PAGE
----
Excerpt : The first ever ethnic audit of our civil service conducted by the National Cohesion and Integration Commission headed by Dr Kibunja only confirmed what we always knew – that resources in this country are shared out on political patronage.
The first ever ethnic audit of our civil service conducted by the National Cohesion and Integration Commission headed by Dr Kibunja only confirmed what we always knew – that resources in this country are shared out on political patronage. Period! The more political power you have, the more resources you shall have. Consequently, the two communities who had presidency occupy 40% of all the civil service jobs in the country. Add the three other communities who produced the VPs and they have 70% of all the jobs! Indeed, according to the report by the Commission, their share significantly exceeds their population proportion in the country, and even their political representation in Parliament.
When you extrapolate these findings into the other areas of governance, it is apparent that the same communities lead in relative economic wealth and education. Dr Kibunja’s report reveals that over twenty tribes in the country hold less than 1% of these public sector jobs. This explains why we always see Pokots, Turkanas, Mjikenda, Somalis and other minorities on the TV in appalling poverty and destitution. Even in the Ministry of Northern Kenya, ethnic communities living in that region have only a tiny proportion of the jobs.
Now we can appreciate why our political leaders fight tooth and nail to get to the State House. For those who have experienced it, the end justifies the means! The holders of these lofty offices lead in the ethnicisation of the public service. Over 45% of the employees in State House are from the President’s ethnic community, whilst almost 22% of jobs at the PM’s office are held by his kinsmen. It is not accidental, nor is it about merit. Just plain ethnic predisposition practiced by our leaders. Ministers appoint from their ethnic group, and all the others follow suit.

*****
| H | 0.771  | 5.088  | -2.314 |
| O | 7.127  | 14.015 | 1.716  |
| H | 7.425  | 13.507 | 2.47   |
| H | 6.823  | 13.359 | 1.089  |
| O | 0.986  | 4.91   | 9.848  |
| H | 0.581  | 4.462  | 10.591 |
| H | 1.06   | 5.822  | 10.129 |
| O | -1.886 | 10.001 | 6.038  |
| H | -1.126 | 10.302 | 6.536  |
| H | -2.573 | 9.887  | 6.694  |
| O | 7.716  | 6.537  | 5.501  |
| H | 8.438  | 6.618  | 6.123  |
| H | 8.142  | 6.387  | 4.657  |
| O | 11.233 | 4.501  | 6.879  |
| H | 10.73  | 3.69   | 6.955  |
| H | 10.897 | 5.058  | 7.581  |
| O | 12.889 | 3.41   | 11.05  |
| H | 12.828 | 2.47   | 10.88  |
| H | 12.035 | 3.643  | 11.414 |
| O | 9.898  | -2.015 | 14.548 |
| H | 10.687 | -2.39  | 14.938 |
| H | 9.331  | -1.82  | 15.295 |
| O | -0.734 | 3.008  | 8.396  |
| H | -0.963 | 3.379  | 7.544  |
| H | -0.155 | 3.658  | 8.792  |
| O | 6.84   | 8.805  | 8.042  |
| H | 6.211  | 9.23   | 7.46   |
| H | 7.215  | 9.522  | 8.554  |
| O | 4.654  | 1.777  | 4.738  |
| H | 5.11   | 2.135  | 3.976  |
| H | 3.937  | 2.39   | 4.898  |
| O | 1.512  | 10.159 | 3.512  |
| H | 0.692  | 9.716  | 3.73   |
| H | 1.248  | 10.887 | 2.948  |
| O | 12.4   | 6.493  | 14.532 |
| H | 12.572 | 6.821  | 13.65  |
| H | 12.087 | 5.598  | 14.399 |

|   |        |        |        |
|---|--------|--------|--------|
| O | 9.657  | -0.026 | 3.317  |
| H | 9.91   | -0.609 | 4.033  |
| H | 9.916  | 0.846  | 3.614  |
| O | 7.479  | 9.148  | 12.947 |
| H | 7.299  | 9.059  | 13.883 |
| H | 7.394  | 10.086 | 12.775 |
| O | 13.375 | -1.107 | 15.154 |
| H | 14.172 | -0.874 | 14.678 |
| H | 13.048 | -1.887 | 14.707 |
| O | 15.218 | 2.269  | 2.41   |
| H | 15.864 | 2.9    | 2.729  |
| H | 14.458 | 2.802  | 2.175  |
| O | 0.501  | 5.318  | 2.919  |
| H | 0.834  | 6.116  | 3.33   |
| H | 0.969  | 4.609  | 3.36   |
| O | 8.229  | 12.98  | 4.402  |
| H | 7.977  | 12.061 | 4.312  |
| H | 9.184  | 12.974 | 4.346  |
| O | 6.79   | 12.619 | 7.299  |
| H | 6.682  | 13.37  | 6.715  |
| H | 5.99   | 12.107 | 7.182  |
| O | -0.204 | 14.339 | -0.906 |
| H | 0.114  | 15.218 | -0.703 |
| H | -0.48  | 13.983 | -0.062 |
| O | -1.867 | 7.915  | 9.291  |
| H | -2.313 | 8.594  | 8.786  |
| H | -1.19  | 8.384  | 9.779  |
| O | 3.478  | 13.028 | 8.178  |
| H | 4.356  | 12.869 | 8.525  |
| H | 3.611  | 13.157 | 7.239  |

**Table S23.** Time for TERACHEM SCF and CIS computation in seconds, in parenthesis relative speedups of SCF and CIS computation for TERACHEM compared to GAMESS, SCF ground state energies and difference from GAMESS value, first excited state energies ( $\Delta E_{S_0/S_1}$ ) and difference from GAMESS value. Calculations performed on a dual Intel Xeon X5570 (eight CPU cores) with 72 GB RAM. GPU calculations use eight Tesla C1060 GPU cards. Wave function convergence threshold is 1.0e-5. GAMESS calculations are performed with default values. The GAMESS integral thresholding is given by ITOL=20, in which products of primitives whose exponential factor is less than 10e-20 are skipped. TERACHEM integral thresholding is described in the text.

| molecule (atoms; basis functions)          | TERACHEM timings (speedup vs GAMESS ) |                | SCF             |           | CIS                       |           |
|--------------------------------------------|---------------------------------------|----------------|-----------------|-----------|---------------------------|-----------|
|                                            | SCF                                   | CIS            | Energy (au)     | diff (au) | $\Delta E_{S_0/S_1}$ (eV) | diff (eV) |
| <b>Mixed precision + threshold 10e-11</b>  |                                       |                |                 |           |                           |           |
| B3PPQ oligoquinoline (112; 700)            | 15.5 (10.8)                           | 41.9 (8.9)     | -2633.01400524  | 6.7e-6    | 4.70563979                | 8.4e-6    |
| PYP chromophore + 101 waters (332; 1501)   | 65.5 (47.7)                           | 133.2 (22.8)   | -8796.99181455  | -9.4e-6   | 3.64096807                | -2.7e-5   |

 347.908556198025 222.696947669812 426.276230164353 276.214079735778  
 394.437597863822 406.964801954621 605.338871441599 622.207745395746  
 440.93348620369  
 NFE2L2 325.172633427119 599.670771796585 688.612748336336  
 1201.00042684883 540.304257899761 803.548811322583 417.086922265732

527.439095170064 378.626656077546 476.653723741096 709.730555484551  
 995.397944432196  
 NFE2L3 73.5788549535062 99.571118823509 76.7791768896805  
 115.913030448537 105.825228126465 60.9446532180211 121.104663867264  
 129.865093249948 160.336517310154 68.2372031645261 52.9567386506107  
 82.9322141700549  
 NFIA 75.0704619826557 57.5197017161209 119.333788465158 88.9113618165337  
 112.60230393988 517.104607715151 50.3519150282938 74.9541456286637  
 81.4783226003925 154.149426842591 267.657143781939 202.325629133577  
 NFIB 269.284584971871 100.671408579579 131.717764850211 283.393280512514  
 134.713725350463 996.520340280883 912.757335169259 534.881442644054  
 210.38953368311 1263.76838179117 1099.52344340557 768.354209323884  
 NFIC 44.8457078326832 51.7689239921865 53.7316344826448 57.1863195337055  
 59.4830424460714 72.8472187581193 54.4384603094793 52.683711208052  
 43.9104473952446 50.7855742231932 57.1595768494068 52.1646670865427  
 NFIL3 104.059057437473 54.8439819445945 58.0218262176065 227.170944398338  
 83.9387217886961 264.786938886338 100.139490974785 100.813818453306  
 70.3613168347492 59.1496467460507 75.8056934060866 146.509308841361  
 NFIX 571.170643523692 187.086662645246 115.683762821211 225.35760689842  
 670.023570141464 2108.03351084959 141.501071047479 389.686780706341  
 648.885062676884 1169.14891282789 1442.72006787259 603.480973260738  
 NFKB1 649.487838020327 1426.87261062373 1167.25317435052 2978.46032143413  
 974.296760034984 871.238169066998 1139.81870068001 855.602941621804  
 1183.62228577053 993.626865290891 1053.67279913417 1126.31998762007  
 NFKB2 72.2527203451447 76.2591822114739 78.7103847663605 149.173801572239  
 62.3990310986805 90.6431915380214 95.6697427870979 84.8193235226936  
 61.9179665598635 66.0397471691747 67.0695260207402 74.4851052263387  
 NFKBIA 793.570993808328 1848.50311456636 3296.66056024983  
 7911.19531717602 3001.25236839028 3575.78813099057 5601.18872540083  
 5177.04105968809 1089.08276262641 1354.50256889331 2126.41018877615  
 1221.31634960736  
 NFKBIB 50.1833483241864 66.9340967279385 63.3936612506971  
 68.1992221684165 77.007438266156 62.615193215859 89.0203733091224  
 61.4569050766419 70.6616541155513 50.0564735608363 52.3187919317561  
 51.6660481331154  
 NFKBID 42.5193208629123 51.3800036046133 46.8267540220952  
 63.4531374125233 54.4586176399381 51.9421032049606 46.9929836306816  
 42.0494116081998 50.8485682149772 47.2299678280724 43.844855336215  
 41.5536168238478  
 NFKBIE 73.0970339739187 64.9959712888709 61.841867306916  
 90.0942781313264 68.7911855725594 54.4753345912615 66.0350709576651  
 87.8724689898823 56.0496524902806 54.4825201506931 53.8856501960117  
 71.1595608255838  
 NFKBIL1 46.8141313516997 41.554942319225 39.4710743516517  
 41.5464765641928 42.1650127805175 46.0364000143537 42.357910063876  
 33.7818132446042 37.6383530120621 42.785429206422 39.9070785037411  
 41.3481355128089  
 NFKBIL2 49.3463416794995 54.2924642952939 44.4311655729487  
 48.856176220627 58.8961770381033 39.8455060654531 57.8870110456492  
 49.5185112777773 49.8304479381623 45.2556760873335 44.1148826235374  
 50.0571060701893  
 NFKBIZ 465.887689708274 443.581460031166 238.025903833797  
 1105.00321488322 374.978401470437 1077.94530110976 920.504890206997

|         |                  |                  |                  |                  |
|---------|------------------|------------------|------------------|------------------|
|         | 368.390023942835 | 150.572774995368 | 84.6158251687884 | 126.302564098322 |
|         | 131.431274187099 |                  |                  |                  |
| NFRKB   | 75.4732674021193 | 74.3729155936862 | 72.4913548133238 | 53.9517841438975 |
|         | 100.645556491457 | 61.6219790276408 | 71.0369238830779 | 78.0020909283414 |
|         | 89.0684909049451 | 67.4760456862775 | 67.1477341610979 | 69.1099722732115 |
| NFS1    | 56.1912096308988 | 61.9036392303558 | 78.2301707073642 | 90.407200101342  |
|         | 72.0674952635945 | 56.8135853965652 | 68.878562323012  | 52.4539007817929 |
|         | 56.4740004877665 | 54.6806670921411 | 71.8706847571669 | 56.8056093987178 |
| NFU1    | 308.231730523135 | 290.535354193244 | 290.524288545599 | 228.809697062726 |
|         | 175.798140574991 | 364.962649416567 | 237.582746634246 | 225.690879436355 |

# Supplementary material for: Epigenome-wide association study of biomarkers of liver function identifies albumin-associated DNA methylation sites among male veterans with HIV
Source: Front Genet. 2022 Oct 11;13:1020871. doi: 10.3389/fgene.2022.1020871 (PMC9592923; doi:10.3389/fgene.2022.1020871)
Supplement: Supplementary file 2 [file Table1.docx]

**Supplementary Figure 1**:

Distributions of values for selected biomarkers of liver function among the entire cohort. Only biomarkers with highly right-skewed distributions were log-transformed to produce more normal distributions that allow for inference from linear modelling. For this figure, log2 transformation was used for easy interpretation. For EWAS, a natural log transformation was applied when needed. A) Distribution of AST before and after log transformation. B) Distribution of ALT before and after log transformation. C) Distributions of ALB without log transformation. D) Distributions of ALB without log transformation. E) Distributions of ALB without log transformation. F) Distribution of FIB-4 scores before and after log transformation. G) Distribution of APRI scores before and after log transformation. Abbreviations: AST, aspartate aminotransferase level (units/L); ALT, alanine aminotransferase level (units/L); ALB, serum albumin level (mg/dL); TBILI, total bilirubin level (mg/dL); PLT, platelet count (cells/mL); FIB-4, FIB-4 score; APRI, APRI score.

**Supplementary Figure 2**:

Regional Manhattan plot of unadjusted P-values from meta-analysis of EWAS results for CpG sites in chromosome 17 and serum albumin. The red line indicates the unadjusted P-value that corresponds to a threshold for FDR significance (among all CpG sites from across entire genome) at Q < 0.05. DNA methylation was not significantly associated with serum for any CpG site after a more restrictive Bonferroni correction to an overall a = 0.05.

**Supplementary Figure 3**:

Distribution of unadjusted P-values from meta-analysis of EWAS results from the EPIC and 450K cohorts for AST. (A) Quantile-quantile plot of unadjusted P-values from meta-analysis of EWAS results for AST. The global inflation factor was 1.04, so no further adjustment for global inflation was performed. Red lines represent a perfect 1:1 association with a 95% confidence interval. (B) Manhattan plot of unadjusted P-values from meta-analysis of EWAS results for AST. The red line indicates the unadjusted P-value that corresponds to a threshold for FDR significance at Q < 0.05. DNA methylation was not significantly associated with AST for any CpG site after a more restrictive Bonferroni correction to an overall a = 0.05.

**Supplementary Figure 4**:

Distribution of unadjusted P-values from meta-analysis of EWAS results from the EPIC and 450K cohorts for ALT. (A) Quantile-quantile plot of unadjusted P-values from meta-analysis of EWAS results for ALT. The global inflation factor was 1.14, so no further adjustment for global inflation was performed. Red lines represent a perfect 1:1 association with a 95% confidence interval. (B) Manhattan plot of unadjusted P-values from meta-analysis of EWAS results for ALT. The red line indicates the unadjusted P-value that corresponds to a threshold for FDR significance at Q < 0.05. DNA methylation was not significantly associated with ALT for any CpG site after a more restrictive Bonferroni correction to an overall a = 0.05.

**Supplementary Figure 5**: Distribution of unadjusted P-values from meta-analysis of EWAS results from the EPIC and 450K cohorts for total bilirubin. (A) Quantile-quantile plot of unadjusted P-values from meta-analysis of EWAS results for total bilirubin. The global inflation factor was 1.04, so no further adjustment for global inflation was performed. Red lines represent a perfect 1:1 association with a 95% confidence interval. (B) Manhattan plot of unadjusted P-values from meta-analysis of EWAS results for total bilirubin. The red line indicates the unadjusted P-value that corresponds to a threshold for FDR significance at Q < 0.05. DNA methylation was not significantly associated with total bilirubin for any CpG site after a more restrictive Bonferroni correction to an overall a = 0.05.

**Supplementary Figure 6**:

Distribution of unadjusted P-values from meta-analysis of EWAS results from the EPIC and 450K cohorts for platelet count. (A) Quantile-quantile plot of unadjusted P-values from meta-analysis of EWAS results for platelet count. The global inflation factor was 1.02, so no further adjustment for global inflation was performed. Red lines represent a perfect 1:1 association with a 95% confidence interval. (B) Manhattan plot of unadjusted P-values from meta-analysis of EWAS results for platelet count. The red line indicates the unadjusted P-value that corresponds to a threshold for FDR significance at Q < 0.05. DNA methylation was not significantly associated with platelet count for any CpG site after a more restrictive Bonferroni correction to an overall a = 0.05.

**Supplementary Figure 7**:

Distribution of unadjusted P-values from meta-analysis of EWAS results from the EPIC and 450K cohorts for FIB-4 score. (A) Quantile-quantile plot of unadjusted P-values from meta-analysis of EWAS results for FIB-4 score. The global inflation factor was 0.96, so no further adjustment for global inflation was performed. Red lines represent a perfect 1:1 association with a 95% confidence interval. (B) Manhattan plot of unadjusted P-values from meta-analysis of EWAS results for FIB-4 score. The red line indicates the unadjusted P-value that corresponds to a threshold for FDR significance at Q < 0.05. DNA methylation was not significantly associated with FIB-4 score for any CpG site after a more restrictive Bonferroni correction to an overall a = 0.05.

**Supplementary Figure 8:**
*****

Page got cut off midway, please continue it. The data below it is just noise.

In the Kenyatta era, 31% of all the Permanent Secretaries (PS) were from his Kikuyu community. There was no Kalenjin PS during this time, not to mention many other smaller tribes. During Moi’s single party rule, his Kalenjin community had 22% of all the PSs, and this increased to 30% in the multi-party era of 1994-2001. During this period, the Kikuyu PSs were done to only 10%. The PSs who are the accounting officers in government departments are in charge of recruitments in the civil service.
Clearly, our policies were ethnicity-blind and created highly unequal society. I agree with Dr Kibunja that composition of the public service enhances inclusivity but more importantly provides the ‘basis for wealth creation’. Public policies that promote ethnic cleavages and attendant inequalities which are nurtured by ‘personality-based leadership’ he alluded to are likely to challenge national cohesion, inclusion and unity.
Our new constitution recognizes that proportionality cannot be achieved in public service if policies are not aligned or oriented towards it. It provides for recognition of ethnic diversity and regions in public appointments. The Commission, though toothless without prosecutorial powers, has legal mandate to enforce the new constitutional dispensation. Proportionality and redistributive policies must necessarily form part of our development agenda in order to succeed. The small tribes should be in decision making institutions or positions to effect such policies. If you are ‘far from the fields of power and the fields of accumulation’, you lose out!
It may be easier to correct ethnic inequalities in political institutions such as the Cabinet or the Parliament than in the civil service. Political pluralism and power sharing in political parties may make it necessary for inclusivity in such institutions.
Representative bureaucracy is an urgent reform we need to avoid possible ‘economic revolution’ by the have-nots in this country. Unlike in the ‘Animal Farm’ all Kenyans are equal, and ought to be equal. The leadership must remedy the situation to nip in the bud the growing resentment and disillusionment.